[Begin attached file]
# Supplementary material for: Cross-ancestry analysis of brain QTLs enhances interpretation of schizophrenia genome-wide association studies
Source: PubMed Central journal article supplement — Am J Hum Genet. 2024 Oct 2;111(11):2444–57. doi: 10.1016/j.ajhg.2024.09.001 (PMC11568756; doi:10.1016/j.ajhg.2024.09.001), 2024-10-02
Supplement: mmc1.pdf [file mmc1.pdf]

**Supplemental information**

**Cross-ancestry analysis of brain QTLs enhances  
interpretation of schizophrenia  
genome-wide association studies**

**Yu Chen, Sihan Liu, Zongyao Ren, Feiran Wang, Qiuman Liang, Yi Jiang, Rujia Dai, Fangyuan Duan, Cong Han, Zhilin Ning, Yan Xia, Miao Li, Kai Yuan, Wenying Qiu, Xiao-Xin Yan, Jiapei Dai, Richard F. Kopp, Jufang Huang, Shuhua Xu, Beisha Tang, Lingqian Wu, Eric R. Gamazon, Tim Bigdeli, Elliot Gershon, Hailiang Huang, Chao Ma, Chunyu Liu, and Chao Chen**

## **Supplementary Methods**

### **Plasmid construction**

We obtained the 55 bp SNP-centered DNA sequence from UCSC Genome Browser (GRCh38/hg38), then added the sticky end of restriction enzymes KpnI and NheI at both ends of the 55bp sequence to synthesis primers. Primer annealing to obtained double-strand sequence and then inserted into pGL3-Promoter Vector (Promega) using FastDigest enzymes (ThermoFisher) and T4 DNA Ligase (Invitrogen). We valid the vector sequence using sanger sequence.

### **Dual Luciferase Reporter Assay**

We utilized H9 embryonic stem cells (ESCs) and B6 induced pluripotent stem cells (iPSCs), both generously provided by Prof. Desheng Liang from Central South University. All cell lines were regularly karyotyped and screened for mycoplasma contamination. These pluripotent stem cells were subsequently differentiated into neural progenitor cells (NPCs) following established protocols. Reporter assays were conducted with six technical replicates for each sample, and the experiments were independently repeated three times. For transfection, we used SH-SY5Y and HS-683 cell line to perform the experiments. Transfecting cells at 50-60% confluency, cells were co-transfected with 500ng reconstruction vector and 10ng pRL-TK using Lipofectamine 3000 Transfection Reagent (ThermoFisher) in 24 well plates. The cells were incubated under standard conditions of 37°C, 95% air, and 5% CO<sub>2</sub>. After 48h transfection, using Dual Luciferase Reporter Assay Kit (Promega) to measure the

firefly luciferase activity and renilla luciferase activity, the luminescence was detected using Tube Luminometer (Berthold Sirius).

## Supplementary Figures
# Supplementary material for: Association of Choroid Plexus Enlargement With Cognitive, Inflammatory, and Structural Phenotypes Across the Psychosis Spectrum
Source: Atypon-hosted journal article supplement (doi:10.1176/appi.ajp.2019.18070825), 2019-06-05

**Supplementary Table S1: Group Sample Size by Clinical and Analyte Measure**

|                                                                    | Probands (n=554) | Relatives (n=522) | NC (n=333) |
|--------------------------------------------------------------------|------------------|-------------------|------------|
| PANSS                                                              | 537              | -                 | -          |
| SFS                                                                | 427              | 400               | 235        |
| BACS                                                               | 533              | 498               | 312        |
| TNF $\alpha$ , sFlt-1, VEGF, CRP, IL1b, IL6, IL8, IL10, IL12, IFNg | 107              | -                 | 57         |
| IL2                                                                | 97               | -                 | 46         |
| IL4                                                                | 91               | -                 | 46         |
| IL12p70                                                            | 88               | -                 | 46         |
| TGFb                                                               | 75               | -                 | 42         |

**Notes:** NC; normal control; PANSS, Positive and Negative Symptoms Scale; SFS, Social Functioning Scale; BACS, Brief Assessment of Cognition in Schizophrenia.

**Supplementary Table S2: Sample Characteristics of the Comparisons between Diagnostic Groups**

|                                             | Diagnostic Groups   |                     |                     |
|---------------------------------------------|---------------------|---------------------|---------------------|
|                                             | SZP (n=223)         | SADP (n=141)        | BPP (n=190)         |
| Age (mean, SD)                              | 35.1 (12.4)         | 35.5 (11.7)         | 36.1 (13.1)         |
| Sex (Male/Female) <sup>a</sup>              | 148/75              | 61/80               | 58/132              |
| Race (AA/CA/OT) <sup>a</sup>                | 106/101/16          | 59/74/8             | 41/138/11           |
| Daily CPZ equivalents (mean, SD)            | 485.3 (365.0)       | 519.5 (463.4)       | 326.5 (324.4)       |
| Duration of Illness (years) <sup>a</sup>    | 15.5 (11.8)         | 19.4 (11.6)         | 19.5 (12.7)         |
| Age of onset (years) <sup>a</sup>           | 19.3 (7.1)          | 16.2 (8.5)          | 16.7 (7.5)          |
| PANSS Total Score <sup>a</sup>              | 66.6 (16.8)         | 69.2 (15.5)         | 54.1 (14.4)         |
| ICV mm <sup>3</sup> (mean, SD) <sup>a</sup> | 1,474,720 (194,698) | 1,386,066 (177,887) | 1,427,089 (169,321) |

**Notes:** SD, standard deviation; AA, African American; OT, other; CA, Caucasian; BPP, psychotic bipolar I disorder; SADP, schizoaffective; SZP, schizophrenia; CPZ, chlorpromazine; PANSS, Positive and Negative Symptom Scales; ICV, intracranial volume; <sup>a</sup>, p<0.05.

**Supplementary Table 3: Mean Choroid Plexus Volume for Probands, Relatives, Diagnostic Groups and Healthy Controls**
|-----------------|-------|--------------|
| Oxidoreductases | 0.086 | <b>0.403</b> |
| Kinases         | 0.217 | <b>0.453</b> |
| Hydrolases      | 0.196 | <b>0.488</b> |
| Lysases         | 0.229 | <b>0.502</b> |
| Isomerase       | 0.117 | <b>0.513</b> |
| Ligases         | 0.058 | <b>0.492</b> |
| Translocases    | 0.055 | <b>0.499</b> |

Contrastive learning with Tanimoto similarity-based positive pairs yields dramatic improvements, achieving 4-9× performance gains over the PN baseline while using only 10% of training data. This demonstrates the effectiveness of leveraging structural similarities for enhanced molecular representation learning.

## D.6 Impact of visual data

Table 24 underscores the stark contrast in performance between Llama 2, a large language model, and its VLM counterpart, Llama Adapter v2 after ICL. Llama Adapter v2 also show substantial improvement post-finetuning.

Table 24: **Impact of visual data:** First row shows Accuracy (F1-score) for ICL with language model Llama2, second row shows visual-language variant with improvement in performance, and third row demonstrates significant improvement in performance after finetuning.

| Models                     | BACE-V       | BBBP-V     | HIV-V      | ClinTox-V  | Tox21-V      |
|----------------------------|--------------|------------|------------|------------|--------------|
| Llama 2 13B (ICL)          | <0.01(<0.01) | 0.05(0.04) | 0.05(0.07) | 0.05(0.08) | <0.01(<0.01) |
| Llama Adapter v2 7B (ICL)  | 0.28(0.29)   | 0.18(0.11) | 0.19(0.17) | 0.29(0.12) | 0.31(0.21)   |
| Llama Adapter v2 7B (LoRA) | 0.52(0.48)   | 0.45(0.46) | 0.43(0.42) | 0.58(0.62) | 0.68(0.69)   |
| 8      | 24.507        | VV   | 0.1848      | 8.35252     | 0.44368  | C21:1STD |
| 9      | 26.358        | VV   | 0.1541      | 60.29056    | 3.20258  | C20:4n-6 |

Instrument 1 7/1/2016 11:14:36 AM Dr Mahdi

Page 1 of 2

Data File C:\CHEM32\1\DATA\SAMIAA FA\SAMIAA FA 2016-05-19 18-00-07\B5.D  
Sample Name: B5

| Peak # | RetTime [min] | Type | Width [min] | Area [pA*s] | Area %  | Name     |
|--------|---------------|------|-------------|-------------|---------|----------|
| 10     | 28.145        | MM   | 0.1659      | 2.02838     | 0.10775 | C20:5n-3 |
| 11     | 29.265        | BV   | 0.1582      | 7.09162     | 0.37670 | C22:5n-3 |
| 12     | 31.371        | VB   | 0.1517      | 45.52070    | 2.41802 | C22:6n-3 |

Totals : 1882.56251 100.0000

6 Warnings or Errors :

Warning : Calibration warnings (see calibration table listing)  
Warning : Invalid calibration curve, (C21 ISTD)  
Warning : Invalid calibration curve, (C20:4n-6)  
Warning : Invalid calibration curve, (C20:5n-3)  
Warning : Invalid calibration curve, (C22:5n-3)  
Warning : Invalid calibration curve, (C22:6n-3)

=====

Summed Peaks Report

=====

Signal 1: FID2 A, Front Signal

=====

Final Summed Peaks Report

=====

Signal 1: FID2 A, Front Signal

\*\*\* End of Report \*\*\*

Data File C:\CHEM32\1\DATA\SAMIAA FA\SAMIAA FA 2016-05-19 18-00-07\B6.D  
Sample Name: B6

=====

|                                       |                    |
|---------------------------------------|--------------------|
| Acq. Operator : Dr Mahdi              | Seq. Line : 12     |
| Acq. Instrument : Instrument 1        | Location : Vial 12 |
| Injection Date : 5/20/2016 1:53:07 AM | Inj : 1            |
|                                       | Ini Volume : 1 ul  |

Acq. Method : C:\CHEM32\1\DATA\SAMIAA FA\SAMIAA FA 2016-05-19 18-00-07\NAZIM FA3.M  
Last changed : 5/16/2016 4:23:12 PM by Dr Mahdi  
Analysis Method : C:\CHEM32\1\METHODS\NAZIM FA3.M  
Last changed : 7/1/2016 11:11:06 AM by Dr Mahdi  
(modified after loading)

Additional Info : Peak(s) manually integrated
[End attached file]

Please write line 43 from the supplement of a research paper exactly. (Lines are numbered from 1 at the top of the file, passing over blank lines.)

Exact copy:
**Supplementary Table 3: Mean Choroid Plexus Volume for Probands, Relatives, Diagnostic Groups and Healthy Controls**